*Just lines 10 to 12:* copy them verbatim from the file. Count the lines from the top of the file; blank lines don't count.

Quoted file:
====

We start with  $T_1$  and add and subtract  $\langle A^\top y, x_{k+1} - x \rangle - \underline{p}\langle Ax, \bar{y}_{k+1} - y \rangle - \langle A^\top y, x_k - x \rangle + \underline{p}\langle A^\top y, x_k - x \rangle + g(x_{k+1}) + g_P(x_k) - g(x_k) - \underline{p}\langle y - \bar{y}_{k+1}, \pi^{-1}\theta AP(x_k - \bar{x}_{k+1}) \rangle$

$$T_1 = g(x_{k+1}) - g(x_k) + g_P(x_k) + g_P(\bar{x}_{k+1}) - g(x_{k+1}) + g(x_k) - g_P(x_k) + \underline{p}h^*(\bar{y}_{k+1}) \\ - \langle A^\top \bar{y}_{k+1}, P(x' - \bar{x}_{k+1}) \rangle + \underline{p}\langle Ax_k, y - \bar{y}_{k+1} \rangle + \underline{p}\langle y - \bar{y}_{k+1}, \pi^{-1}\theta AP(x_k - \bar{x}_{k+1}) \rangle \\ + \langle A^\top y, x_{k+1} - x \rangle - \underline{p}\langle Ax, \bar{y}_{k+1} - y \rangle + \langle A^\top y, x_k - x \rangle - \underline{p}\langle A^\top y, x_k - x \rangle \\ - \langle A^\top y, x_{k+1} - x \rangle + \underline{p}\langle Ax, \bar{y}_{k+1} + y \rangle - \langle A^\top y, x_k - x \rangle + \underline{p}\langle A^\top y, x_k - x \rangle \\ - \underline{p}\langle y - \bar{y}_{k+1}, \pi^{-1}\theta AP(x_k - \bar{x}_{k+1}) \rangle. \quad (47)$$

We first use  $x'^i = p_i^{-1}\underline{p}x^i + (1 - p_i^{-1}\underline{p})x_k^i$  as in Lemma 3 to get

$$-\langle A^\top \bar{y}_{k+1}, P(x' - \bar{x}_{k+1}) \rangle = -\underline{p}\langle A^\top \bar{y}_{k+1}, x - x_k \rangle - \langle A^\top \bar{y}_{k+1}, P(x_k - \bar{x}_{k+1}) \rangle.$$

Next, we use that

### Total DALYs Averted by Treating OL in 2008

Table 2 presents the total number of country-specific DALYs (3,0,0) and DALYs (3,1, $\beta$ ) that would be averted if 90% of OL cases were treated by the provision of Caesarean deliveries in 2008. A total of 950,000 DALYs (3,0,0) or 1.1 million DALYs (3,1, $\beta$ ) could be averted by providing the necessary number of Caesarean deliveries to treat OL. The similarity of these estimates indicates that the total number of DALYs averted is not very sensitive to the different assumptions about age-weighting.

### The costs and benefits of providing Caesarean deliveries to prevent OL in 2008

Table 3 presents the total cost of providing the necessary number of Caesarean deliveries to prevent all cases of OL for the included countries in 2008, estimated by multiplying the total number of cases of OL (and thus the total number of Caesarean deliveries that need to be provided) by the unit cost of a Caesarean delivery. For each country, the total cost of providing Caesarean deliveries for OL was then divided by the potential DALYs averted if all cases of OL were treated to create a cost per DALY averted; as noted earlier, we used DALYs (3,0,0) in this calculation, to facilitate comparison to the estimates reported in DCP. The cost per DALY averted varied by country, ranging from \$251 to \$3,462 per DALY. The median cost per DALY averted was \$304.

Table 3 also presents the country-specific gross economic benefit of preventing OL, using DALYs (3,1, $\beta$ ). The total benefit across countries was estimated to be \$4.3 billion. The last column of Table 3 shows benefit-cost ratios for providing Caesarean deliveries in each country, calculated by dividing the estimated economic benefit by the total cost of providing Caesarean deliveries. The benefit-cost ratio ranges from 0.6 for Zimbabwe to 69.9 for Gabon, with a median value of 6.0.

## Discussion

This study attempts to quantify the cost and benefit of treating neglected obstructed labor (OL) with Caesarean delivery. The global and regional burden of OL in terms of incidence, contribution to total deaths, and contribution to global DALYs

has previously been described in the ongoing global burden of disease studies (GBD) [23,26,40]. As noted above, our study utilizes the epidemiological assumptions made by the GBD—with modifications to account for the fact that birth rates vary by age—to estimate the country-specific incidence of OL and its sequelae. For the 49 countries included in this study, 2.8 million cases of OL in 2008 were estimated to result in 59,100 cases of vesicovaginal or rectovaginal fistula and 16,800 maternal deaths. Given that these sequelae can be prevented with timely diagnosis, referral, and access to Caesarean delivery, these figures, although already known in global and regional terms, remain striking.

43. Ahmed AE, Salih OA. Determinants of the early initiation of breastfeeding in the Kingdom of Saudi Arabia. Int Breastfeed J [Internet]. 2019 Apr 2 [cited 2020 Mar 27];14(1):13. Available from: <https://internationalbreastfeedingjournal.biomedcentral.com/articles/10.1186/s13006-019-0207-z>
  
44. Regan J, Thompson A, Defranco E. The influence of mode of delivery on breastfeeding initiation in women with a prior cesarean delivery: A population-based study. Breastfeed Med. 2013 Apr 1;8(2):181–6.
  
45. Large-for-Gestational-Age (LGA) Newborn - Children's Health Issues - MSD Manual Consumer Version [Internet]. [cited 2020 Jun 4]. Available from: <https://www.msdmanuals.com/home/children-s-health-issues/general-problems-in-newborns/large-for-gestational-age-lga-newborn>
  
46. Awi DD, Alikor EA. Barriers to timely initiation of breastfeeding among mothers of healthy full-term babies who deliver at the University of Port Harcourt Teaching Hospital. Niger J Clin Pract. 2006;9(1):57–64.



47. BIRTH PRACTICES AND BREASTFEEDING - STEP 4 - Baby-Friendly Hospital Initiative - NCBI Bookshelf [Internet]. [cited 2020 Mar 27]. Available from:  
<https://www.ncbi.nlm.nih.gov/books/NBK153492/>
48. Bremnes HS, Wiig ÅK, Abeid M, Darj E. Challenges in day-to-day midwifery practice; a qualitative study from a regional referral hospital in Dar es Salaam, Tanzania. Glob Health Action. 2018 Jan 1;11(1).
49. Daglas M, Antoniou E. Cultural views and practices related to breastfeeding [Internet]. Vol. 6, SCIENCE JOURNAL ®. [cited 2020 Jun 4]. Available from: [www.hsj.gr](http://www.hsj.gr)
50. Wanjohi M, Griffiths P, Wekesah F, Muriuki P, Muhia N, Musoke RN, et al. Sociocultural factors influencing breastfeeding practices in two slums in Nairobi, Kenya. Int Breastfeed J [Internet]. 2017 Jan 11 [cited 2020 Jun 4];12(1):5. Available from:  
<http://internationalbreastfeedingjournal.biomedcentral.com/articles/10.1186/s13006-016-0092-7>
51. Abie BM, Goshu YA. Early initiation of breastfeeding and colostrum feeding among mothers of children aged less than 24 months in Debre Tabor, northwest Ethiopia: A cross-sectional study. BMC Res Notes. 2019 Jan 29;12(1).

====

Table 3 also presents the country-specific gross economic benefit of preventing OL, using DALYs (3,1, $\beta$ ). The total benefit across countries was estimated to be \$4.3 billion. The last column of Table 3 shows benefit-cost ratios for providing Caesarean deliveries in each country, calculated by dividing the estimated economic benefit by the total cost of providing Caesarean deliveries. The benefit-cost ratio ranges from 0.6 for Zimbabwe to 69.9 for Gabon, with a median value of 6.0.

## Discussion

This study attempts to quantify the cost and benefit of treating neglected obstructed labor (OL) with Caesarean delivery. The global and regional burden of OL in terms of incidence, contribution to total deaths, and contribution to global DALYs